Originally printed in the August 2021 issue of Produce Business.
Wholesale traders across the globe pride themselves on their ability to respond quickly to changing market conditions, to step up their game and show fortitude, unity and resilience while others lose their heads in times of difficulty.
I recently read the excellent column by Hunts Point’s Matthew D’Arrigo on producebusinessuk.com (originally printed in the Produce Business May 2021 issue), and it illustrated perfectly that rarely is the relevance of a wholesale market in higher profile than during a crisis. For the majority of us, the past 18 months have thrown up challenges no one could possibly have envisaged, and I’m sure for Produce Business readers across every sector of this great industry it’s still hard to know where to start evaluating the impact on your business.
You won’t be surprised to hear that it is no different for the 175 fruit, vegetable and flower traders at New Covent Garden Market (NCGM), on the south bank of London’s River Thames. They will all be calculating the true commercial cost for some time to come. But I can also tell you that the response of our tenants to the toughest trading period they will hopefully ever have to negotiate has been magnificent.
The UK’s oldest and largest wholesale fruit, vegetable and flower market had dealt with plenty of adversity over the centuries. This time was different, due in part to the dramatic effect it had on our core customer base. The make-up of the firms occupying the fruit and veg market developed to reflect changing societal needs — when the pandemic struck, roughly 80% of the produce sold from NCGM was destined for the catering and hospitality sectors. As the first lockdown began, those areas of business fell off the proverbial cliff as the catering outlets of London and South East England were obliged to shut their doors en masse.
While the market was deemed essential, and it never actually closed for trade, early estimates were that as little as 15% of the normal weekly sales levels were taking place in the first few weeks, almost exclusively from the wholesalers selling into the independent greengrocers and other market traders. The innovative side of market life soon kicked in though, and a number of box schemes were created by NCGM tenants to ensure that local and regional consumers were able to access healthy and nutritious food without leaving their homes.
The response of our tenants to the toughest trading period they will hopefully ever have to negotiate has been magnificent.
The charitable nature of wholesalers is never far from the surface either, and within days, tenants were collaborating to supply the frontline staff of the National Health Service, as well as several food supply channels for the deprived and homeless. Tonnes and tonnes of Class I produce and thousands of man hours were donated to the cause.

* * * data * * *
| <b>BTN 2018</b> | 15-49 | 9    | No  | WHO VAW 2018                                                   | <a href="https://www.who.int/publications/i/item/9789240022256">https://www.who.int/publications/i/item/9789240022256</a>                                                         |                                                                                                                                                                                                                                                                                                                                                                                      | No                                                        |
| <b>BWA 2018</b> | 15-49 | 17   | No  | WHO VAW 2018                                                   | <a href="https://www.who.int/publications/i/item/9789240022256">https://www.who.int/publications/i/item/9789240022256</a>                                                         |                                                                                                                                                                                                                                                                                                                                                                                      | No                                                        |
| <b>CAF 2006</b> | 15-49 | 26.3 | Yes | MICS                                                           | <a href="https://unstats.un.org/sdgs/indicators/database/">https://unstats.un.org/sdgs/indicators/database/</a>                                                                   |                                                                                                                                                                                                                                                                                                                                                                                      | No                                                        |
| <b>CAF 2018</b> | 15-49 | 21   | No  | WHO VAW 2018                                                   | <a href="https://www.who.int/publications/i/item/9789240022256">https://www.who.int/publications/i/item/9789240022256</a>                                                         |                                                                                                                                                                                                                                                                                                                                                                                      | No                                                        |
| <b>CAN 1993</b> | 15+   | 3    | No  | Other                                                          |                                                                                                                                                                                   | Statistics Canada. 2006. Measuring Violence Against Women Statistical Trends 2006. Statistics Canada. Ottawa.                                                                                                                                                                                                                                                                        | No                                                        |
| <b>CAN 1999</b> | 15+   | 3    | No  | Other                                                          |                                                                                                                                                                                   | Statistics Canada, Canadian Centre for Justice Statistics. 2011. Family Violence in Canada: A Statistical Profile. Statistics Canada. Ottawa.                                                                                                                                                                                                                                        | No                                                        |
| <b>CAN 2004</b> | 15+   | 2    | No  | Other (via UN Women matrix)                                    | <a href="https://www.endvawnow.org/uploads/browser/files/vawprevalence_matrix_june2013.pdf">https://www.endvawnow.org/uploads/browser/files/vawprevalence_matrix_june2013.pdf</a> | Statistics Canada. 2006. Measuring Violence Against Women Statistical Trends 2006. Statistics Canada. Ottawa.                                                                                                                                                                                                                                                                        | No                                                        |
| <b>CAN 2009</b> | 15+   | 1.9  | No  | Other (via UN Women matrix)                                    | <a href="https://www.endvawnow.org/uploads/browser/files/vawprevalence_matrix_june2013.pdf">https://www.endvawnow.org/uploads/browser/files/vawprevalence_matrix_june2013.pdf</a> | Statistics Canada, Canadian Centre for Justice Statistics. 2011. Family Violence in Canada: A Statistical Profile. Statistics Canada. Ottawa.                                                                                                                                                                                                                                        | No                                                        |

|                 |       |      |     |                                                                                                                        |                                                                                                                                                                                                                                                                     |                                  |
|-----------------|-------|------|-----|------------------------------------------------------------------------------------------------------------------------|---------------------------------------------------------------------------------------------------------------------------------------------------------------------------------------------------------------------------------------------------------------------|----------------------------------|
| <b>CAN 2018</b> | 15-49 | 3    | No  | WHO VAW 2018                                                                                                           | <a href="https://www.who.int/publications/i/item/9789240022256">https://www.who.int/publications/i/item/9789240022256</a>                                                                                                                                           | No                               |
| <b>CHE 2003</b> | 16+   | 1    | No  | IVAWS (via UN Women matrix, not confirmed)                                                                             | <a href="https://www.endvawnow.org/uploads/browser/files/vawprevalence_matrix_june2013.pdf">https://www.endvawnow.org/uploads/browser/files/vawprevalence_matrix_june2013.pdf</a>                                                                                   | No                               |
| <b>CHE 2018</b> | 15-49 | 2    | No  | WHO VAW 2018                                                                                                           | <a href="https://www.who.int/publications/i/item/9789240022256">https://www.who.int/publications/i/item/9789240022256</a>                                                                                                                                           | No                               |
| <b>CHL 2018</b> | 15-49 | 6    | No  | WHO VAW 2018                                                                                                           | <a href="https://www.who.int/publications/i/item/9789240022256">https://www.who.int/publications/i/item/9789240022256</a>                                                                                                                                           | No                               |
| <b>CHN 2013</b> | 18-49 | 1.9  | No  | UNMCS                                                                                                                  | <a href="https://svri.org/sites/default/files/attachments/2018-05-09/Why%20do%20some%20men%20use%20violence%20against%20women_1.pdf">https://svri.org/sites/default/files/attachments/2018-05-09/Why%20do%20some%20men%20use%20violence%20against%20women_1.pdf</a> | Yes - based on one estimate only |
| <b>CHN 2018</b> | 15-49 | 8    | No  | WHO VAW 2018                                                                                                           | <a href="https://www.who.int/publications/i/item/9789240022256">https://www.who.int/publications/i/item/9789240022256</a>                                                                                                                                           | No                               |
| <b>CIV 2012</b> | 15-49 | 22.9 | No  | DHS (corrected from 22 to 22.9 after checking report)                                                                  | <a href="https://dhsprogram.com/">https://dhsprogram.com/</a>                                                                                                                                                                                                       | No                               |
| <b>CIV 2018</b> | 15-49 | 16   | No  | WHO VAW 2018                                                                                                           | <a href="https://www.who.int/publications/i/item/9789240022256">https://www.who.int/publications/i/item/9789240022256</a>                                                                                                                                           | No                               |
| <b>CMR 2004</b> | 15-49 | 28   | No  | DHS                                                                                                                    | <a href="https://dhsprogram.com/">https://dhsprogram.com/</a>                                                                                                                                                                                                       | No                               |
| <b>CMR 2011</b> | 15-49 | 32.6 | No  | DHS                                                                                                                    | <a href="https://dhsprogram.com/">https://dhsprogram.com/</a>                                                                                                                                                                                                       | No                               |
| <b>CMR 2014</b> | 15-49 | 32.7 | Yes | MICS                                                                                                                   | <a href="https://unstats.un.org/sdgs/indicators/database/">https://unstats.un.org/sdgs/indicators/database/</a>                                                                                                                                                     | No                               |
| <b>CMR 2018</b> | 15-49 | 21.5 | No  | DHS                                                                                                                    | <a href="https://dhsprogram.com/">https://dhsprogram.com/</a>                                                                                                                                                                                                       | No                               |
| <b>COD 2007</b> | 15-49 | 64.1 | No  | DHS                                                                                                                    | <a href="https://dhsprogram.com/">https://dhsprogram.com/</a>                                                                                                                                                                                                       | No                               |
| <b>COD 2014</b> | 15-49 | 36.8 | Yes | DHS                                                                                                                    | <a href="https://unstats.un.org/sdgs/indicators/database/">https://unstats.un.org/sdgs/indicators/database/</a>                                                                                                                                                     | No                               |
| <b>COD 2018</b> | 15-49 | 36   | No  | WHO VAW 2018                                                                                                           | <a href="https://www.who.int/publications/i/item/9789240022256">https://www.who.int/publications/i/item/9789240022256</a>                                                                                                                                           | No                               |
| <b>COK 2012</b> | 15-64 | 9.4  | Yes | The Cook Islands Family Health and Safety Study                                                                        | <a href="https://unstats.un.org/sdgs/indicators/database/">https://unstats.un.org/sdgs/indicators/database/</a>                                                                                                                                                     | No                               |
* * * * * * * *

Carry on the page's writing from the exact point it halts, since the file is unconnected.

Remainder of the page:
Of course, in the UK we had another hurdle to overcome. As we entered the second lockdown, Brexit finally arrived. Who would have thought as we entered 2020 that the UK’s departure from the European Union would not be top of most people’s agenda as we moved into 2021? It may have been usurped by COVID in terms of column inches, but Brexit did, of course, bring further challenges, of the administrative, logistic and labour kinds, and these are ongoing. They have not been as detrimental in terms of supply of product as was predicted, but as the world of commerce has gradually begun to function again in the past couple of months, some wider issues have surfaced.
There is a definite shortage of drivers — many who returned home during the pandemic did not renew their licences, and many more do not want to. For some who were made redundant or placed on the UK government’s furlough scheme by their employers, there is either less incentive to return to work as say a van driver for the market traders with unsociable hours, or often another job has become available in the meantime. Additionally, large numbers of vehicles were sold off by businesses looking to save cost during lockdowns, and the demand for new vehicles, as well as parts for older vehicles, is now significantly outstripping supply.
Every one of these factors is impacting trade at NCGM, and we’re not helped of course by the fact that post-pandemic London’s restaurant and hospitality scene continues to be somewhat restricted. However, we have moved forward with the redevelopment of the market, and we reached a landmark settlement with tenants that will underpin our attempts to secure NCGM’s position as a thriving, sustainable, and world-class market for the future.
By 2027, we’ll not only be the oldest wholesale market brand, but will also have the newest wholesale market infrastructure in the UK. By necessity, I’ve spent a reasonable proportion of this column looking back on one of the most tumultuous periods we’ve ever known, but at the same time it’s never been more important to look ahead than now, and what’s on the horizon for us looks incredibly exciting.
David Frankish is Chairman of the Board of the Covent Garden Market Authority, which operates the New Covent Garden Market, “London’s original and finest fruit, vegetable and flower market.”